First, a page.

RK: EDUCAUSE is working hard to develop and refine our programs based on a combination of formal and informal feedback from our members. In October and December, we convened focus groups at both Educom 98 and CAUSE98 to elicit feedback from our member institutions and corporations. In general (thankfully!), we have heard that we are "on the right track." We have also heard concerns about merging the Annual Conference programs. EDUCAUSE members whose responsibilities revolve around administrative IT issues want us to remain committed to issues in this arena. Similarly, colleagues whose dominant professional concerns revolve around academic, library or related IT concerns, want to be sure that we remain focused on their educational needs. The advanced technology constituency wants to be certain to find timely information on advanced networking and high performance computing ... and so forth. The challenge for us is to provide educational support to an increasingly diverse constituency. Notwithstanding our eagerness to welcome "convergence" and "synergy", EDUCAUSE must remain mindful of the diversity of educational needs and perspectives of our membership. We must address these disparate needs while retaining a fanaticism about quality.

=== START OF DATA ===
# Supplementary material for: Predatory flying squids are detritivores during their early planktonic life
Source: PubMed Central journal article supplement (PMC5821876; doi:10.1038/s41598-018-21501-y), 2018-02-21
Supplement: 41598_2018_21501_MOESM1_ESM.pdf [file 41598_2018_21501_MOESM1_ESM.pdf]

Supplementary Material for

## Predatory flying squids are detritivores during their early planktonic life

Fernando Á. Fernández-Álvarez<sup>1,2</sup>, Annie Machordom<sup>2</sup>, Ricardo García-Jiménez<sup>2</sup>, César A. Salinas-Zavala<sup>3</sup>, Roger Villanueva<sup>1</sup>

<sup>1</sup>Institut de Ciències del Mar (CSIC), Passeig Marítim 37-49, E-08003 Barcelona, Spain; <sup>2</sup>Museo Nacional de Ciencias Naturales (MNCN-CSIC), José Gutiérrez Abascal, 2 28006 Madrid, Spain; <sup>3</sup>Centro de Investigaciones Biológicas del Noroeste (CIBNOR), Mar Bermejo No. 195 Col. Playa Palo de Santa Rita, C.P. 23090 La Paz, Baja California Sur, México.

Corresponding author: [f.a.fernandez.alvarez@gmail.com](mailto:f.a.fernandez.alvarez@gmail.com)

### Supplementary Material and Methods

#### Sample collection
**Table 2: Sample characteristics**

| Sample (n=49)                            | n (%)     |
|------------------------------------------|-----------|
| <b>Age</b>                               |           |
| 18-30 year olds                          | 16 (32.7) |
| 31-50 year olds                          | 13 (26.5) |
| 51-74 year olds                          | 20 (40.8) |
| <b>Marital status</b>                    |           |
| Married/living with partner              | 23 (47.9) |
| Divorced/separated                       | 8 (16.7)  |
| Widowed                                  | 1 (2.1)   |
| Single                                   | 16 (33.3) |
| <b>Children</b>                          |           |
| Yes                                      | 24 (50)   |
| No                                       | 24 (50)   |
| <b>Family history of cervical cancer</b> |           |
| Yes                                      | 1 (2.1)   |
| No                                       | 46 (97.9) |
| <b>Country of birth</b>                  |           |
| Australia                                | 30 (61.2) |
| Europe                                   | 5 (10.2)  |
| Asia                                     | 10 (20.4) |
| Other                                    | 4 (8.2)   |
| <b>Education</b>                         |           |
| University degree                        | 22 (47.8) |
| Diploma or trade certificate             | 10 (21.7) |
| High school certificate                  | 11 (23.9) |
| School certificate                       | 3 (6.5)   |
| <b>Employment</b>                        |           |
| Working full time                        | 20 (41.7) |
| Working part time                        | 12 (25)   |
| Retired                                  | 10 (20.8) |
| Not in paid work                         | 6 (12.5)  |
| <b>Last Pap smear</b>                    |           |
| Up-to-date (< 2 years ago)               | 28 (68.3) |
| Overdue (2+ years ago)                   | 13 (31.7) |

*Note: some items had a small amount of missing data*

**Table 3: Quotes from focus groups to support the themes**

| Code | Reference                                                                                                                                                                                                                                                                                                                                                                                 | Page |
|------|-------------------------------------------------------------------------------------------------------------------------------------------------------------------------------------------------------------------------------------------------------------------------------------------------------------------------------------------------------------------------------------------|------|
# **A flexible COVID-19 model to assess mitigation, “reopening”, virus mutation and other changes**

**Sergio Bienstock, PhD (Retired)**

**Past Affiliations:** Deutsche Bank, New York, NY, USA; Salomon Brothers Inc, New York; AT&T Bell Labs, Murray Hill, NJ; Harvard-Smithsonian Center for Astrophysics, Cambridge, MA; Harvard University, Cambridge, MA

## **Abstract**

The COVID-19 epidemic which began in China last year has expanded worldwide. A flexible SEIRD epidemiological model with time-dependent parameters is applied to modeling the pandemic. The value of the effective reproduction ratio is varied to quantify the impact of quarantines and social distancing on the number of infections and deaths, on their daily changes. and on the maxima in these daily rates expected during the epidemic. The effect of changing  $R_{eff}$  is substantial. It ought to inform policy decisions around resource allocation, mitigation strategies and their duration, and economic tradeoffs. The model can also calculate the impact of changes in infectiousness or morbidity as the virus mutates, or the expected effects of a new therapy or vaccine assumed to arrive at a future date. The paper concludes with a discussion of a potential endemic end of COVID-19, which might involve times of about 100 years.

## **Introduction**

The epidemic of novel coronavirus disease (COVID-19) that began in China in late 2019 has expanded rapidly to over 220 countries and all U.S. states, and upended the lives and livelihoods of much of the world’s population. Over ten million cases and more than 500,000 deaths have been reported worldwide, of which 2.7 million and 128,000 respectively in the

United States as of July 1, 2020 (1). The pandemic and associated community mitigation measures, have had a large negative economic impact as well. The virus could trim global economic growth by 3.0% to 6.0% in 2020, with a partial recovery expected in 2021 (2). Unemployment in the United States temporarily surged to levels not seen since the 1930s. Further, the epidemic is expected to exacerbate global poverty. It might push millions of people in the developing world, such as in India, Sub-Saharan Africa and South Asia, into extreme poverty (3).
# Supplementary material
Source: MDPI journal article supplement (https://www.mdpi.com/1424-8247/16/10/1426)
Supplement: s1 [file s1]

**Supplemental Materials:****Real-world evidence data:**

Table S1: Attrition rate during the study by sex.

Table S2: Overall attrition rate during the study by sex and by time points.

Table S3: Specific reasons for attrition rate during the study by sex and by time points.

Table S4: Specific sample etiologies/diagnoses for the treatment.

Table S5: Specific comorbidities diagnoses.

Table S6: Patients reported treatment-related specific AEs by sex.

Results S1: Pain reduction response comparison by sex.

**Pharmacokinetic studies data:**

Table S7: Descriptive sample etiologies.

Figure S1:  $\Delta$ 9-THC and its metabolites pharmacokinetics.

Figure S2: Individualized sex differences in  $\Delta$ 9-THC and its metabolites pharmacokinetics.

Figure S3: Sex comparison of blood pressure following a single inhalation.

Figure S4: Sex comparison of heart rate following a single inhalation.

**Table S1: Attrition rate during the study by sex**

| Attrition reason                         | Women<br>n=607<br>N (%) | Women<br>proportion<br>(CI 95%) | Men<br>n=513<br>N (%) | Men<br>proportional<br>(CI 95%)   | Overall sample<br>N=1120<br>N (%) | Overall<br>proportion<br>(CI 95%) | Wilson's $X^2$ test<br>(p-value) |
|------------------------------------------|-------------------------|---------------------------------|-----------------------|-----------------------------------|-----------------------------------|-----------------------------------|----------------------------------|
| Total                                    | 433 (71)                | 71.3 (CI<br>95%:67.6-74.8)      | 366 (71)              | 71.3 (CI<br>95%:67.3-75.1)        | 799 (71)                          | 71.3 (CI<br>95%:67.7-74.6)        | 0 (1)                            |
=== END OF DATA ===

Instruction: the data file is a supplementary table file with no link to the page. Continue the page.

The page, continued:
More recently, we have sent a survey to thousands of our members. We hope to use the results of this survey to suggest directions in which to grow the EDUCAUSE professional development program. One key area of growth will be the delivery of EDUCAUSE offerings in more technologically-intensive and diverse fashions. Given our overall mission of transformation, we have a special obligation to evaluate and deploy new learning technologies. The burden on us is to experiment aggressively, learn from our members, and share our experiences.